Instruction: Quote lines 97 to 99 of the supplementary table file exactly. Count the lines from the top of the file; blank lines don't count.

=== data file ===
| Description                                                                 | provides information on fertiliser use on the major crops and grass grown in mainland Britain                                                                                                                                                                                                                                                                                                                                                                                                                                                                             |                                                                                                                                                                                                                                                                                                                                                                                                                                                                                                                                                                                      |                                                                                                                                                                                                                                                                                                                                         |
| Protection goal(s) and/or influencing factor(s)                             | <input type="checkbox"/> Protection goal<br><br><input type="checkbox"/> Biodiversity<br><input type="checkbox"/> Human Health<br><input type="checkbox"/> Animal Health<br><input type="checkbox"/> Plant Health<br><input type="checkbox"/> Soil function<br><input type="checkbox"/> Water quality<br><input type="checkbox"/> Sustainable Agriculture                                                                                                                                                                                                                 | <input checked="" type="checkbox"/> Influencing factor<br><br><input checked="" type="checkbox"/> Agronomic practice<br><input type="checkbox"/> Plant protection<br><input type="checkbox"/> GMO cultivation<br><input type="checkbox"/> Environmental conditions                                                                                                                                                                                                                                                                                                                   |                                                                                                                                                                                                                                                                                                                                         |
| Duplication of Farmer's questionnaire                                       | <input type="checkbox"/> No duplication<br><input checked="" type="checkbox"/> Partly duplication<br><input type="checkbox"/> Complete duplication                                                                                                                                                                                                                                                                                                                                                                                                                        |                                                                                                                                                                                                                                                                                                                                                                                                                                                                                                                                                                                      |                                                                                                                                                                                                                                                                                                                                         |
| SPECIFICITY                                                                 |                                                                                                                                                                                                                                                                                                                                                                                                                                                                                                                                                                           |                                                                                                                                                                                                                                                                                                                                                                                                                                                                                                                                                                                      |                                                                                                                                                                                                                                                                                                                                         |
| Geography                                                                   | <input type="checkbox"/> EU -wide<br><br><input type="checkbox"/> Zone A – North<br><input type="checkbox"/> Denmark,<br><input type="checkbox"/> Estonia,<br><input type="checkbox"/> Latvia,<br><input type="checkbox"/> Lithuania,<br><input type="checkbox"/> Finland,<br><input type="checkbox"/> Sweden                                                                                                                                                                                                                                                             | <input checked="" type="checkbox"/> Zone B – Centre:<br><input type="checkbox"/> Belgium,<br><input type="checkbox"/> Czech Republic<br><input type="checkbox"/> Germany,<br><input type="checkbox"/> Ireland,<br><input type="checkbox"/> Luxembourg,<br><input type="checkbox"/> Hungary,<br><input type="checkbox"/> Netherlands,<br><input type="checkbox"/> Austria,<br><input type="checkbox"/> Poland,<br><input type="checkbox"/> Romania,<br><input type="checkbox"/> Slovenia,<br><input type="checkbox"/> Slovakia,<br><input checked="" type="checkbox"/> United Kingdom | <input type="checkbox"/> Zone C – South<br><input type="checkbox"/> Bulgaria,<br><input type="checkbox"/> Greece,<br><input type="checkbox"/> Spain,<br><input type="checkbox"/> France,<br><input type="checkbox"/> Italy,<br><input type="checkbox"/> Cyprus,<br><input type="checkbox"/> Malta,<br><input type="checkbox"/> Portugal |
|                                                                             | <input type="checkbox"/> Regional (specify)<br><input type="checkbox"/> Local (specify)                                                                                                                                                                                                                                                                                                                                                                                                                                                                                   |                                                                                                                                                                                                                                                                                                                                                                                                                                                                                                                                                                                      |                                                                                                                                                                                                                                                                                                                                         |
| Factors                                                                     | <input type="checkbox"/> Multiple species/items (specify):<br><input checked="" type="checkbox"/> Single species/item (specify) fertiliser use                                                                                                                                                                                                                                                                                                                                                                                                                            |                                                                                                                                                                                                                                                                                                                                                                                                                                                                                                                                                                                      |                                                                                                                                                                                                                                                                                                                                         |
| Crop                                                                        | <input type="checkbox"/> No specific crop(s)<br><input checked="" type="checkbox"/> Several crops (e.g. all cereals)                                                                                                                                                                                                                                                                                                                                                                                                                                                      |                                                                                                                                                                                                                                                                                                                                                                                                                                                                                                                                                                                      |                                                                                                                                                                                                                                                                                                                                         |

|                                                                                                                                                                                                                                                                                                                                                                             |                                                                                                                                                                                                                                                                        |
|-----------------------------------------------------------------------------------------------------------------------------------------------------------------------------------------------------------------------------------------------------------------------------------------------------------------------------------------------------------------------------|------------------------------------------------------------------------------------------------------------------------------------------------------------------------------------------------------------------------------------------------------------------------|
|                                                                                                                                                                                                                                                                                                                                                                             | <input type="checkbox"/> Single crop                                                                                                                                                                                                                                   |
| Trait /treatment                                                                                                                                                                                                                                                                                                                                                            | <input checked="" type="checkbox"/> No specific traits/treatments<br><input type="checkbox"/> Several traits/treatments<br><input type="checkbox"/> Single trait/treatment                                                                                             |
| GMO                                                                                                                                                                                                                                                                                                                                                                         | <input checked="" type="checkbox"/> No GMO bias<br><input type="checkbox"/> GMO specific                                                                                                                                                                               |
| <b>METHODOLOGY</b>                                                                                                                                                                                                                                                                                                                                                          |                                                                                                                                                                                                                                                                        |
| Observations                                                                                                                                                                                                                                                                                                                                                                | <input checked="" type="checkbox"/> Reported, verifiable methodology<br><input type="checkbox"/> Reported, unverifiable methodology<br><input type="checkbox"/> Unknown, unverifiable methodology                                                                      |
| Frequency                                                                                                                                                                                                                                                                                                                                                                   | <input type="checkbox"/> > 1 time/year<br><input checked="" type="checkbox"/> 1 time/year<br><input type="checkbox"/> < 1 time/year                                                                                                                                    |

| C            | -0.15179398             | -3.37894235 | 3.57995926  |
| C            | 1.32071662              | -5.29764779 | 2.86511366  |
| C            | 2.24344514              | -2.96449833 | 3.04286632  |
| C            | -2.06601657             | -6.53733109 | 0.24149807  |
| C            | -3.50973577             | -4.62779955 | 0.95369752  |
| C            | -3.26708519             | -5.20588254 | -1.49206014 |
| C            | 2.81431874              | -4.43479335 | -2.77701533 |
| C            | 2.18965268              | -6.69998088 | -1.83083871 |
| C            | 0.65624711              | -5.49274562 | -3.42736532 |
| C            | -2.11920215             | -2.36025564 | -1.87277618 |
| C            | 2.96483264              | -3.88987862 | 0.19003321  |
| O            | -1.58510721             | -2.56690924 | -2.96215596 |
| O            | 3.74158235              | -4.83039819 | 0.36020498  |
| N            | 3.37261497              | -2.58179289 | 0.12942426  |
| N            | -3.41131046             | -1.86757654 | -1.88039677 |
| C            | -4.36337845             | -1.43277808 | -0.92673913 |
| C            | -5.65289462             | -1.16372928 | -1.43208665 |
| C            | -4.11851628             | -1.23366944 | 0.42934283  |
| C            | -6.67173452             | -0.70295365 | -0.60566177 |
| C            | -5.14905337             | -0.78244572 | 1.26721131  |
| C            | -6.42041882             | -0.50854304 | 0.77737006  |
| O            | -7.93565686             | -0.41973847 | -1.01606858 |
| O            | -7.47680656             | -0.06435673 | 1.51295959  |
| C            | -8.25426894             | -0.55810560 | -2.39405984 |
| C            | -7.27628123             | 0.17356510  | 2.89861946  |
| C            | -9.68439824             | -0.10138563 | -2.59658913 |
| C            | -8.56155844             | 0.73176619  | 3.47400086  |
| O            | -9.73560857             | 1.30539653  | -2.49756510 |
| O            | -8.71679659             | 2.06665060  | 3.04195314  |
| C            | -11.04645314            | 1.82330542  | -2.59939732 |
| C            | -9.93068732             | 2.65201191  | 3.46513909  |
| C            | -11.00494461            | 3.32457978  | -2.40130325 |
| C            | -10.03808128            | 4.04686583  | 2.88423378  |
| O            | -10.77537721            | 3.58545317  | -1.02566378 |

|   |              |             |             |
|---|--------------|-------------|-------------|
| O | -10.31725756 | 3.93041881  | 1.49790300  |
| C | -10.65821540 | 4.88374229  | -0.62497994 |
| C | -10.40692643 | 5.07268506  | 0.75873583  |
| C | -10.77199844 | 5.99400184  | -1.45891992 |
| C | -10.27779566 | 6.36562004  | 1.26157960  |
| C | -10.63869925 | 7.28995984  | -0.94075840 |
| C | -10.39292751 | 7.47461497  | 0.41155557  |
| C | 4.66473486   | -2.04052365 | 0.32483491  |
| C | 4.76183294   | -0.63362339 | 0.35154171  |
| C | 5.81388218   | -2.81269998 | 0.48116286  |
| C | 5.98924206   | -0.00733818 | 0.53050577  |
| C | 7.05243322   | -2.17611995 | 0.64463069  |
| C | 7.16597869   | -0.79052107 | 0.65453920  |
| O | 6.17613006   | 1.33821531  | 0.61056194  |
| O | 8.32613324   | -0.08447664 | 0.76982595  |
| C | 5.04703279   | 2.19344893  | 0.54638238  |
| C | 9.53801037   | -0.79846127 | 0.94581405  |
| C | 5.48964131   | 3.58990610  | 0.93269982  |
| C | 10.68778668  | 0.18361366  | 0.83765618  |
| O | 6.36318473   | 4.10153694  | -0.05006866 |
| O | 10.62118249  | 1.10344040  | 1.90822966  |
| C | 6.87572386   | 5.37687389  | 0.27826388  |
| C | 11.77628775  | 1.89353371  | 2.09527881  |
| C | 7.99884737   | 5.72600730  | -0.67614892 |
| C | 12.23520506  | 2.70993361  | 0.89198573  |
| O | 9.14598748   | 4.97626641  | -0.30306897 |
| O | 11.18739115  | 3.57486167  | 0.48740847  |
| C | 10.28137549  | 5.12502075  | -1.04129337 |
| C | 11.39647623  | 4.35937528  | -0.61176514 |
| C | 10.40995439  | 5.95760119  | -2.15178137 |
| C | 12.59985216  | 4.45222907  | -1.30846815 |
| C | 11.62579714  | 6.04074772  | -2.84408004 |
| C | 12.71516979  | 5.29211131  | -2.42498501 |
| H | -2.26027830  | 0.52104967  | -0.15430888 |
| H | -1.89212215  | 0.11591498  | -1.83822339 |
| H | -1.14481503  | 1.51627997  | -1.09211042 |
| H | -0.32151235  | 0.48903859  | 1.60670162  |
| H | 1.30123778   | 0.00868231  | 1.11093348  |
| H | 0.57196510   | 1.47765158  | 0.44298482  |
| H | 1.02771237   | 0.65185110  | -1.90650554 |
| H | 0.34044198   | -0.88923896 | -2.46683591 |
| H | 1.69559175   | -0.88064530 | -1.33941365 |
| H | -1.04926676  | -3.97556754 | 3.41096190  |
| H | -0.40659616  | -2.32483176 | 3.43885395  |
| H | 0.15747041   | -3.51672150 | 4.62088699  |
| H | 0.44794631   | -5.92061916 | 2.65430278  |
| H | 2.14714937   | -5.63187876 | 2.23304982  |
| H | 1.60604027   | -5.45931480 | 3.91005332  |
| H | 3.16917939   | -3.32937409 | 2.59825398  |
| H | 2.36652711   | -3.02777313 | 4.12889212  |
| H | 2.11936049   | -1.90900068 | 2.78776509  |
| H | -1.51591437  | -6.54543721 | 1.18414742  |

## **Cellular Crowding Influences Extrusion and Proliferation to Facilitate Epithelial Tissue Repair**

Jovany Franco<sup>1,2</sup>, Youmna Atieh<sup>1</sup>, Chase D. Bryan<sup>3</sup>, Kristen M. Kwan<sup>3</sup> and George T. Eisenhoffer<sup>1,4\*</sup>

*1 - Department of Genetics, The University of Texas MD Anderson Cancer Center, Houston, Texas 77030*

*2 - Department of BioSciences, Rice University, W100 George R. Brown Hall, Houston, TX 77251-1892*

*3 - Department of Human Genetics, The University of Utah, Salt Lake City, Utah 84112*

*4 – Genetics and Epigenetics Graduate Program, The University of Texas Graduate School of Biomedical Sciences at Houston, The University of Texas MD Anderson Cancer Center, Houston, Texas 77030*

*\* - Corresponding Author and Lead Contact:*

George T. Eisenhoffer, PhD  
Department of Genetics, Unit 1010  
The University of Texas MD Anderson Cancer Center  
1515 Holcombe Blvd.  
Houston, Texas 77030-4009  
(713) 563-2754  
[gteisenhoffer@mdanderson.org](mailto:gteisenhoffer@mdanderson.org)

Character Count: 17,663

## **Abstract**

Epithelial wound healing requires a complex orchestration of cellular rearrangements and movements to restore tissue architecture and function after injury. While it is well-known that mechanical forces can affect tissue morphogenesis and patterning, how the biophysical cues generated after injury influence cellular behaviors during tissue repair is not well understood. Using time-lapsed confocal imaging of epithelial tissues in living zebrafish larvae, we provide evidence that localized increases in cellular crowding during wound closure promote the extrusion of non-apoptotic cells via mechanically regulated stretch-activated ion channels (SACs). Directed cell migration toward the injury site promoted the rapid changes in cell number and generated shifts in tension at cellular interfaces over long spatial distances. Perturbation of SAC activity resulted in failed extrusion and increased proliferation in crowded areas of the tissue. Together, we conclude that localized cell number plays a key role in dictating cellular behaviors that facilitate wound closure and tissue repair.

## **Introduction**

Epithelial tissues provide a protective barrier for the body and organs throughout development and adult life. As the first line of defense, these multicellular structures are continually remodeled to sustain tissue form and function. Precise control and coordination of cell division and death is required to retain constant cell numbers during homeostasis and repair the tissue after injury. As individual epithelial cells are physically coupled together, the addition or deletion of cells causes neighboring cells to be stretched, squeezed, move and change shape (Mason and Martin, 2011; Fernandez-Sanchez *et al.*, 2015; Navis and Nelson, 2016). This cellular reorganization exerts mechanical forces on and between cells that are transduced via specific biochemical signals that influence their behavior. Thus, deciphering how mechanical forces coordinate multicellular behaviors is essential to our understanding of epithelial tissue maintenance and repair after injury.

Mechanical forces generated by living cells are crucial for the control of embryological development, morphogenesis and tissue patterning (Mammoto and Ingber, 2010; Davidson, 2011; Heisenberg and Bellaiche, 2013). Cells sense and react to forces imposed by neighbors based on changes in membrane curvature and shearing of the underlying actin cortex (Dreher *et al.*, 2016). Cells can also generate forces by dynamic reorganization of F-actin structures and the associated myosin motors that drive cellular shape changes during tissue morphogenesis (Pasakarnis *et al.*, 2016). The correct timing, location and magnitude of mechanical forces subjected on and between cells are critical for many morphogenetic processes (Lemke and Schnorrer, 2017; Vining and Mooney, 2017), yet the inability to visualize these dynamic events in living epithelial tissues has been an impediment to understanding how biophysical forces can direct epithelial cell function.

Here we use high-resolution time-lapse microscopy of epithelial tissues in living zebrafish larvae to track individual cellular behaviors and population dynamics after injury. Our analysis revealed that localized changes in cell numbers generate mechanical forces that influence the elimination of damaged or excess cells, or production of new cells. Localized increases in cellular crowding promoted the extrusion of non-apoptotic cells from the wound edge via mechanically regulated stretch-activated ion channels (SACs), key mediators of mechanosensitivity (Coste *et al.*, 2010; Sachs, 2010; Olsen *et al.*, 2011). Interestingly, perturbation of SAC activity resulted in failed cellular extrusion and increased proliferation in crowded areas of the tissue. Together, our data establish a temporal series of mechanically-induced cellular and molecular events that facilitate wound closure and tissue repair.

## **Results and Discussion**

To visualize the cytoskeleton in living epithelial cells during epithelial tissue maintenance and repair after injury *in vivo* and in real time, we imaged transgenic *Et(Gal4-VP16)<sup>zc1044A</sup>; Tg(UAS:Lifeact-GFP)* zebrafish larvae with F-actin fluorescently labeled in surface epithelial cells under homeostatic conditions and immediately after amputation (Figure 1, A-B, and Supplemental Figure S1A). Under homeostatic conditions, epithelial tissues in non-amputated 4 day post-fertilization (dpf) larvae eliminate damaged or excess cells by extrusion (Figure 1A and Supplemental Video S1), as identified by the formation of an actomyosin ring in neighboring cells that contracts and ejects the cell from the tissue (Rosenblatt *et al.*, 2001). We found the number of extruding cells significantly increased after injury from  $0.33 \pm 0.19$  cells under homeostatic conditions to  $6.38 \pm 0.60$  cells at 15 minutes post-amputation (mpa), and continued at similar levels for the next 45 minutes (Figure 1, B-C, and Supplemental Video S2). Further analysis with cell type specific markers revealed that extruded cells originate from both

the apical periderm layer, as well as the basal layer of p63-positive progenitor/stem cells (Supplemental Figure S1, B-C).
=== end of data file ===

| H | 0.15747041   | -3.51672150 | 4.62088699  |
| H | 0.44794631   | -5.92061916 | 2.65430278  |
| H | 2.14714937   | -5.63187876 | 2.23304982  |